The three lectures or papers comprised in this little volume were not originally intended to see the light of publication. They were written, in every case, at a few days’ notice, and at different periods during the last twelve months. Though I have revised them for publication, yet I have not, by any means made so many emendations as I would like, preferring to send them forth as nearly as possible in their original forms.

I hope no one will be so uncharitable as to imagine that I have published this booklet merely for the sake of seeing myself in print. My main object as a matter of fact has been to assist, in some little degree, in spreading the reputation of the Society of which I have the honour to be President, and before which the lectures were delivered.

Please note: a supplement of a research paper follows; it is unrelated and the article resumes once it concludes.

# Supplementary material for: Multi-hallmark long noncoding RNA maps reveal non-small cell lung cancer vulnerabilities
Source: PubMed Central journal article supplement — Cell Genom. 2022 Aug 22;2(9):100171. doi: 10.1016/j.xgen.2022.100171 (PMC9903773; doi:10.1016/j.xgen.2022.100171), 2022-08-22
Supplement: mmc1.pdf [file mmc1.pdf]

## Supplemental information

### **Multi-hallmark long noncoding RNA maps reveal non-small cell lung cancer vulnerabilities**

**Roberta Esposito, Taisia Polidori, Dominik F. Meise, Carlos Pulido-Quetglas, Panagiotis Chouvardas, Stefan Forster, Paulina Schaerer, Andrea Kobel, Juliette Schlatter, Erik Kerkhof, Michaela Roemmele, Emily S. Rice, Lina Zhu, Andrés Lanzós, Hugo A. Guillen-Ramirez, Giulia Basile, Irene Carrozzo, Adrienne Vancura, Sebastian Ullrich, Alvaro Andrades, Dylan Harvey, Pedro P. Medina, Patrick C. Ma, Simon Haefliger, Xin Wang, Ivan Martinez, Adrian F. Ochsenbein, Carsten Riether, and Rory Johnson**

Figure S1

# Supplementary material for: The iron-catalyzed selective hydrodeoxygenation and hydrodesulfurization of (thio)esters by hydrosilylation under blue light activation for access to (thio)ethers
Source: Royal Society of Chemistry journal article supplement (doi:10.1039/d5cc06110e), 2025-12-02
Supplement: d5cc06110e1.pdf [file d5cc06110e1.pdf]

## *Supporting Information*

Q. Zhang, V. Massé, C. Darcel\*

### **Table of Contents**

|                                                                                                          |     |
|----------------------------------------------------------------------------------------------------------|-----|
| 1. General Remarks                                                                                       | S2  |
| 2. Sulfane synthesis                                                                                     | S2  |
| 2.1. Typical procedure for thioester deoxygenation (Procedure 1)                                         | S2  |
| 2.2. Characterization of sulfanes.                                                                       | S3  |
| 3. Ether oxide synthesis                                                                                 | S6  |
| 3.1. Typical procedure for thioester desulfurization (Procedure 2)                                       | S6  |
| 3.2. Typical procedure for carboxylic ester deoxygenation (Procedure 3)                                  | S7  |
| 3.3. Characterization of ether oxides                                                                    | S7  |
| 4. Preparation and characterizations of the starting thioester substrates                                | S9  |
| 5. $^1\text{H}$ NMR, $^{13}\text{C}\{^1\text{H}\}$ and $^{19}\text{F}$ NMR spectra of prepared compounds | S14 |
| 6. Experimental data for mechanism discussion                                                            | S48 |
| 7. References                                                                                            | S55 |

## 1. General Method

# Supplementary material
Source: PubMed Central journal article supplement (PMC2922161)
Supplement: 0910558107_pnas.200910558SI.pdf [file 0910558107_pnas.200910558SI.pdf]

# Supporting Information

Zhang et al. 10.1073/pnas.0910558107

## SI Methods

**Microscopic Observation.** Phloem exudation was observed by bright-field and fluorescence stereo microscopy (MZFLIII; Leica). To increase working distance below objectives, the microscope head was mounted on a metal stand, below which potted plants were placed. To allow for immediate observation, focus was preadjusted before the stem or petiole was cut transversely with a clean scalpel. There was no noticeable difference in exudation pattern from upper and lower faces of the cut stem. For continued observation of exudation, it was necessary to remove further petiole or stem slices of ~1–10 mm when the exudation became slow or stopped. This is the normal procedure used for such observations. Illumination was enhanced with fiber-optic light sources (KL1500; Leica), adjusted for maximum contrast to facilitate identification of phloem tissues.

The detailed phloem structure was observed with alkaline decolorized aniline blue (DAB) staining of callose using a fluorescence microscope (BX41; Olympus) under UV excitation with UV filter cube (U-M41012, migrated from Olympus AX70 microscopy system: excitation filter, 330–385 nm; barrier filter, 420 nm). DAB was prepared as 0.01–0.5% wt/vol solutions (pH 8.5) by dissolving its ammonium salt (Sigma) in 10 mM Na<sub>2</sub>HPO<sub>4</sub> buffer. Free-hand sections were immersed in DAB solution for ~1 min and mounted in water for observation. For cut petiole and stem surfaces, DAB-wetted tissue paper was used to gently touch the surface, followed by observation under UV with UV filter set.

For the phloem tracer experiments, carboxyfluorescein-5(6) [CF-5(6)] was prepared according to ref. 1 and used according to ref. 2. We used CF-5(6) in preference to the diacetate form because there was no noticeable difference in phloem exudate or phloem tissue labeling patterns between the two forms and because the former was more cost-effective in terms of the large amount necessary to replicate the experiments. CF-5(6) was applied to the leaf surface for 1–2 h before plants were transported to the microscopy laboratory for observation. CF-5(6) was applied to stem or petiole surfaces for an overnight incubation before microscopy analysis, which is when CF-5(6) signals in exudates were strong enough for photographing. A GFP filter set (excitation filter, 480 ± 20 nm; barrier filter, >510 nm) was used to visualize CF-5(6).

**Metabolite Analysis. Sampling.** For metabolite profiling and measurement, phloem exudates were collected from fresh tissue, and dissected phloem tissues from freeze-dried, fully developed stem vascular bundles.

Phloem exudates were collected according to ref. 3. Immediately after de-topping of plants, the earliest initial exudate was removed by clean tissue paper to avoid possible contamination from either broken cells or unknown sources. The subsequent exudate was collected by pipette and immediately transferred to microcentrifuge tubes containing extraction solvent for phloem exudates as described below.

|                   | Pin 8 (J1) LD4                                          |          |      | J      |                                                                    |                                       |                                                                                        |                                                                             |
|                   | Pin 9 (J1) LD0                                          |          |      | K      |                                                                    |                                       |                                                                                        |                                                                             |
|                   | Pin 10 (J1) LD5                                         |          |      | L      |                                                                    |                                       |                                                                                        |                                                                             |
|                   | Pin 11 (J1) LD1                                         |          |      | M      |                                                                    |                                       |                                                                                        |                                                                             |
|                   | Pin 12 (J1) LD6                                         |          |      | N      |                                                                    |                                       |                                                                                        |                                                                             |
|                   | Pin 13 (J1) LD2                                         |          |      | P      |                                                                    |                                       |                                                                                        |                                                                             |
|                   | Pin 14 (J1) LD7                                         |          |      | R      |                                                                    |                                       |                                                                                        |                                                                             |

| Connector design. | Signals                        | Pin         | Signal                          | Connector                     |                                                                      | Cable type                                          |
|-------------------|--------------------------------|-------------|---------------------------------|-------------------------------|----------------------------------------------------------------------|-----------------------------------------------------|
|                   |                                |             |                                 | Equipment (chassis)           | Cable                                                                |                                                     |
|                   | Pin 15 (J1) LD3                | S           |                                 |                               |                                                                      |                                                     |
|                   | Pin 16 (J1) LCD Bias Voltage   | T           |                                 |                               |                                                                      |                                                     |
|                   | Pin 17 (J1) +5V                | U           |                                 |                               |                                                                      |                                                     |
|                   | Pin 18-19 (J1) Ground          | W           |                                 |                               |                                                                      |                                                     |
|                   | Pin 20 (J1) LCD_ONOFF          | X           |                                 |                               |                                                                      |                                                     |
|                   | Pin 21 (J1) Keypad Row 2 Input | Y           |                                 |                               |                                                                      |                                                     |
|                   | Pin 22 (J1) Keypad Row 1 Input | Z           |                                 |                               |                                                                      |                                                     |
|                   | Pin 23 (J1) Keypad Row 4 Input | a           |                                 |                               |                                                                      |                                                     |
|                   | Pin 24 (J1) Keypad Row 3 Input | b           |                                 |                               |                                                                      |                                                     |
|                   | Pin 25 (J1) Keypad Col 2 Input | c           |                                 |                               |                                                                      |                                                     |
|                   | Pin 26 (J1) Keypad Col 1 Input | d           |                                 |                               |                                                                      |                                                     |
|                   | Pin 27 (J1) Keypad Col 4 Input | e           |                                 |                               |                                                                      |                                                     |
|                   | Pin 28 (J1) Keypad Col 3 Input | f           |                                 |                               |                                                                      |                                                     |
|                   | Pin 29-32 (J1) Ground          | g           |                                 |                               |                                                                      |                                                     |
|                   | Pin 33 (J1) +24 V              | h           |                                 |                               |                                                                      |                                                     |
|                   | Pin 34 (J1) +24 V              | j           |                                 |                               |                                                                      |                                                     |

As I am but a student of Irish myself—and young at that—I am aware that Gaelic scholars will find little that is new in these papers; but it is not so much to the scholar they are addressed as to the barbarian—to him, that is, to whom our National language, with its wealth of poetry, romance, and folk-lore, is still a sealed book. The subjects of which the lectures treat are to-day far from being so new, or so out-of-the-way, as they would have been even a very few years ago; for, thanks to the Gaelic League, to the Oireachtas, to the Gaelic Journal, and to ‘Fáinne an Lae,’ Irishmen are beginning to realize that they possess a language of their own, which, for antiquity, may vie with the languages of Homer and Virgil, and, for youthful vigour and literary capabilities, with the languages of Dante, Shakespeare, and Goethe.